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You Can Buy Beer from the Best Breweries in America Online for the First Time Ever

The taproom has been an important factor in the rise of craft beer.

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Editor’s Note: The coronavirus has hammered the hospitality industry, forcing restaurants, breweries and hotels to lay off millions of employees. These businesses are in desperate need of help. Consider ordering takeout or delivery, buying direct from breweries, purchasing gift cards or pledging money to initiatives like the James Beard Foundation Food and Beverage Industry Relief Fund or Save Restaurants, and get on the mailing list for All Together Beer, a worldwide beer collaboration with proceeds going to hospitality professionals.

The best craft breweries of today are local or regional businesses that rely on taproom sales and partnerships with local beer bars. Since coronavirus has thrust social distancing upon the U.S. and forced taprooms and bars alike to shutter, that business model has folded like a house of cards. Craft beer has an answer, though, and it’s a long time coming: selling beer online.

Previously only available at shops, bars and in the taproom, much-hyped New York City breweries like Threes Brewing, Grimm Ales and Evil Twin launched online beer shops midway through March and throughout April. Grimm, which also offers deliveries and to-go ordering through Caviar and GrubHub, opened its first-ever webstore for statewide shipping. Threes, who were planning on launching an online portal later in the year before the outbreak, had a short headstart. Joshua Stylman, Threes Brewing founder, says it has allowed the brewery to rehire employees they were forced to lay off. “[We said] let’s try to build an e-commerce business and a proper supply chain in just three days,” Stylman says. If Threes weathers the current situation and returns to some sort of normalcy, Stylman says online ordering is likely here to stay.

Asheville, North Carolina’s Burial Beer Co. launched its online shop in response to its taprooms closing, too. The shop, which ships to more than 30 states, launched in the middle of March. “It’s our taproom to go,” Chris McClure, the brewery’s director of brand, says. “We want people to be able to continue their interpretative journey with our beer in the comfort of their own home.”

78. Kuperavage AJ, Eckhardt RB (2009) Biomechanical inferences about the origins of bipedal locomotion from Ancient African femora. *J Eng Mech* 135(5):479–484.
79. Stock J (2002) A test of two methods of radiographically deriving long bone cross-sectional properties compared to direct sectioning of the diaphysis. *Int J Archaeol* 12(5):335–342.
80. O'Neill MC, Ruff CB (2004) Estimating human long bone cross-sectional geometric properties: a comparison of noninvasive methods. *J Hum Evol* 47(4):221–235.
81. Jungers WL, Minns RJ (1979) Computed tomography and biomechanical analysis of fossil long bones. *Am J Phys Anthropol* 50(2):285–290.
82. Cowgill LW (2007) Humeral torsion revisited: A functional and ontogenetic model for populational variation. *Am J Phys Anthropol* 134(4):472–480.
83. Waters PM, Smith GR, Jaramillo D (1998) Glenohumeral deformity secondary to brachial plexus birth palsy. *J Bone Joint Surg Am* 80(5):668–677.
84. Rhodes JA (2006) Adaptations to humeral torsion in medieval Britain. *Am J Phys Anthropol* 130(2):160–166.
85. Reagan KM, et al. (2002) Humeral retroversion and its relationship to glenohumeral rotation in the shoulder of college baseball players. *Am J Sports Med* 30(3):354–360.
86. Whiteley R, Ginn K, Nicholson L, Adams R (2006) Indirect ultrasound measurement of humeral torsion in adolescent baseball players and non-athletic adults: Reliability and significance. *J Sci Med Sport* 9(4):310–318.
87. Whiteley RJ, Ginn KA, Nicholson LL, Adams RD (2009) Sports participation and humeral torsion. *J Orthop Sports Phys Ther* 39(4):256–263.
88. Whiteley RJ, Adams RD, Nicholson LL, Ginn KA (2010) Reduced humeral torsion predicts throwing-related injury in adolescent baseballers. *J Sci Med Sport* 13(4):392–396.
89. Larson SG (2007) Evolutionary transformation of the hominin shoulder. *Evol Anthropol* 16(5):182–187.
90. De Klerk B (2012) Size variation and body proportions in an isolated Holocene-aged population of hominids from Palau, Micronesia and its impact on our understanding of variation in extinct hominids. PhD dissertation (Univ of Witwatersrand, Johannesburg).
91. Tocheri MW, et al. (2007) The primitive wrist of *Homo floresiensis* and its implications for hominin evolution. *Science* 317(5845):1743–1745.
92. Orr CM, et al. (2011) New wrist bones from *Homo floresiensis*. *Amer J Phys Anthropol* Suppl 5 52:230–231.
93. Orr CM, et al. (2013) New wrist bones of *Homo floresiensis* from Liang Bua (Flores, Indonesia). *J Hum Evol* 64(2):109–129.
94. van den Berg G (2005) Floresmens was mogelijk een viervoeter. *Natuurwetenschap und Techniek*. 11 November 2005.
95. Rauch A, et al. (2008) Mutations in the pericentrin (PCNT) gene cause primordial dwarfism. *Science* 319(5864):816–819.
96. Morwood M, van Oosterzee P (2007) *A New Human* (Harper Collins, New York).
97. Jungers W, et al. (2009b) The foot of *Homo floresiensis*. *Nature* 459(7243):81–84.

Like Threes, Burial was planning to launch an online beer shop later this year, and was forced to fast-track development to stay afloat. McClure says its given the brewery a lifeline. “The support from our customers is amazing. Our staff is overwhelmed. That is the short of it. But it has kept us working, kept jobs secured at Burial, and kept our customers connected to us from their homes in North Carolina and across America.

Breweries adopting proper online shopping years after the online shopping revolution is partly due to consumer behavior, but mostly legal issues. There is an enormously complicated web of laws and red tape surrounding who can and can’t sell alcohol. Because booze makers have rarely needed to trudge through the red tape, drinkers have never become accustomed to going online to buy booze. That is, until the last two months, when online whiskey, wine and beer purchasing exploded.

New York state has relaxed laws and looked the other way on others to allow for direct sales from the brewery. But even breweries in California, a state that’s allowed direct-to-consumer online beer sales for nearly two decades thanks to the wine industry and a huge brewery scene, were slow to adopt online sales portals until recently.

Fabled breweries like Monkish Brewing, Russian River Brewing Company and Alvarado Street Brewery have all gone virtual for ordering since social distancing was enacted. Russian River owner and brewer Vinnie Cilurzo says the brewery used to sell their beer online when they were smaller, about 15 years ago. “With our two restaurants closed right now we were looking for a way to make up some of our retail sales which is why we started again,” Cilurzo says. They’re even selling their iconic Pliney The Elder Double IPA online, where it’s sold out just as quickly as it did in restaurants and bars. “Until now we really didn’t have the beer to ship so we never really even thought about doing it,” Cilurzo admitted.

Whether more breweries will follow, or if breweries will continue to sell beer online when taprooms and bars reopen, is yet to be determined. For now, one thing is clear: supporting your local brewery now could be what ensures its survival.

“Our mission is to try to employ as many of our staff as we can and keep the lights on so if (and when) the world goes back to normal, we have a company. I think that’s the reality of small companies in and out of beer dealing with this right now,” Threes’ Joshua Stylman said. “Necessity is the mother of invention.”

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